Models of development in the Amazon.

Optimistic (top) and nonoptimistic (bottom) scenarios, showing predicted forest degradation by the year 2020. (Black is deforested or heavily degraded, including savannas and other nonforested areas. Red is moderately degraded, yellow is lightly degraded, and green is pristine).

Policy Implications

Our models suggest that, under status quo conditions, current efforts to promote conservation planning in the Brazilian Amazon will be overwhelmed by prevailing destructive trends. Although a combination of threatening factors is responsible, special attention should be focused on Avança Brasil, because it is a massive new initiative that will open vast areas of the Amazonian frontier to development activities. Moreover, this program is far more amenable to policy modification than are intrinsic problems such as rapid population growth, and its implications have been very poorly discussed and debated in Brazil.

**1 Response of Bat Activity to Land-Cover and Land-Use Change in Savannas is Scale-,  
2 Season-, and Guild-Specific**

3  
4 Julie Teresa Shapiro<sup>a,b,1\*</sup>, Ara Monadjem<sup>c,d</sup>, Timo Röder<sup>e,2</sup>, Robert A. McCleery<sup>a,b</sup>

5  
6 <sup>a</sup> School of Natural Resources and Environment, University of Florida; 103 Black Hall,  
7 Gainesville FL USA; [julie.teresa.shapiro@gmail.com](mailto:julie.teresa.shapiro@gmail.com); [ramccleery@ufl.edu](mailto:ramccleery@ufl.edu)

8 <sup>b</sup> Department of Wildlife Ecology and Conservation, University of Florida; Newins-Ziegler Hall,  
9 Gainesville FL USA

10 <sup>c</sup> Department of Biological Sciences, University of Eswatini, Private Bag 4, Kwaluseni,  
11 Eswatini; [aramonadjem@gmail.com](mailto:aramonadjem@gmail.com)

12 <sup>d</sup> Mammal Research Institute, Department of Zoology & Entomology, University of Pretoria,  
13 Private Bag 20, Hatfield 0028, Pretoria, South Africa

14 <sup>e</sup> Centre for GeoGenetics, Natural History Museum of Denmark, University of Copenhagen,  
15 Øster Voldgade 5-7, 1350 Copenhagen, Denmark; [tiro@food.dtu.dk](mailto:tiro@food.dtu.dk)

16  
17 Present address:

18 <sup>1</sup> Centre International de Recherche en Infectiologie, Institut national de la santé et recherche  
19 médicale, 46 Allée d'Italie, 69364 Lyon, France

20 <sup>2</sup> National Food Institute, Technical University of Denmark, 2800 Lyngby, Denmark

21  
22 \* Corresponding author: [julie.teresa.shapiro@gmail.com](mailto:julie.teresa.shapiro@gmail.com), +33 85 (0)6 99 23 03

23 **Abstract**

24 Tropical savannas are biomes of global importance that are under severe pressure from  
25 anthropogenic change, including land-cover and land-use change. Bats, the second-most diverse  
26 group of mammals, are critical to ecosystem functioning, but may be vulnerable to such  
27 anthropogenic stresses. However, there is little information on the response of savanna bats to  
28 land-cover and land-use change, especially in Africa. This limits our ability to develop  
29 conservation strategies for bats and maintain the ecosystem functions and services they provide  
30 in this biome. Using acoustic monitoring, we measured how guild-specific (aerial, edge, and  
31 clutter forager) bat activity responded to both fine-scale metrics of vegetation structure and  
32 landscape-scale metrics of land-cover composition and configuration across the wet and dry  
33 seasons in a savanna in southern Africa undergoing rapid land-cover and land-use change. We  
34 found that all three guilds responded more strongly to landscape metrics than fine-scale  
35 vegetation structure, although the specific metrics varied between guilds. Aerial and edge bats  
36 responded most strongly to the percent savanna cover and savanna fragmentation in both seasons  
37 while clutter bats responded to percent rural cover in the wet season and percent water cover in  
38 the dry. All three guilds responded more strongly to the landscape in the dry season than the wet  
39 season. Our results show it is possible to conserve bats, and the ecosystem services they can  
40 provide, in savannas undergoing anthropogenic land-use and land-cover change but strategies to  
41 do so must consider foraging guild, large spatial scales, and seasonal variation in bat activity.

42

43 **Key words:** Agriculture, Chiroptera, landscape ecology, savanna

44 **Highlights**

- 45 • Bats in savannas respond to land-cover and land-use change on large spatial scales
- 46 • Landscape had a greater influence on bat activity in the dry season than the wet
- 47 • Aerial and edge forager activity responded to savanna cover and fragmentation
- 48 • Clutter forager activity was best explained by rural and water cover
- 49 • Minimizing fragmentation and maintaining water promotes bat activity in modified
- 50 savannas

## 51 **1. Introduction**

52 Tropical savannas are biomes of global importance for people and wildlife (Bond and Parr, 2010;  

To assess the likely impacts of Avança Brasil and other planned infrastructures on Amazonian forests, we reran our models but without the dozens of planned highways, waterways, and other projects. For the optimistic and nonoptimistic scenarios, respectively, the predicted rate of deforestation drops by an amount ranging from 269,000 to 506,000 hectares per year, and the conversion of pristine or lightly degraded forest to moderately or heavily degraded lands slows by 1.53 to 2.37 million hectares per year. Forest fragmentation is also greatly reduced: under the nonoptimistic scenario, for example, the area retained in large (at least 100,000 km2) blocks of pristine to lightly degraded forest exceeds the earlier model by more than 36% without these major new projects.

Avança Brasil typifies the current top-down planning process in the Amazon, in which megaprojects are proposed and approved long before the environmental costs and risks can be evaluated. Many projects (such as the BR-319 highway, the Urucu-Pôrto Velho pipeline, and the Araguaía-Tocantins waterway) will create corridors between densely populated areas and the remote Amazonian frontier. Such projects commonly initiate a process of spontaneous colonization, logging, mining, and land speculation that is almost impossible for governments to control (3, 4, 6). The results are often disastrous for forests.

Alternatives to Destructive Development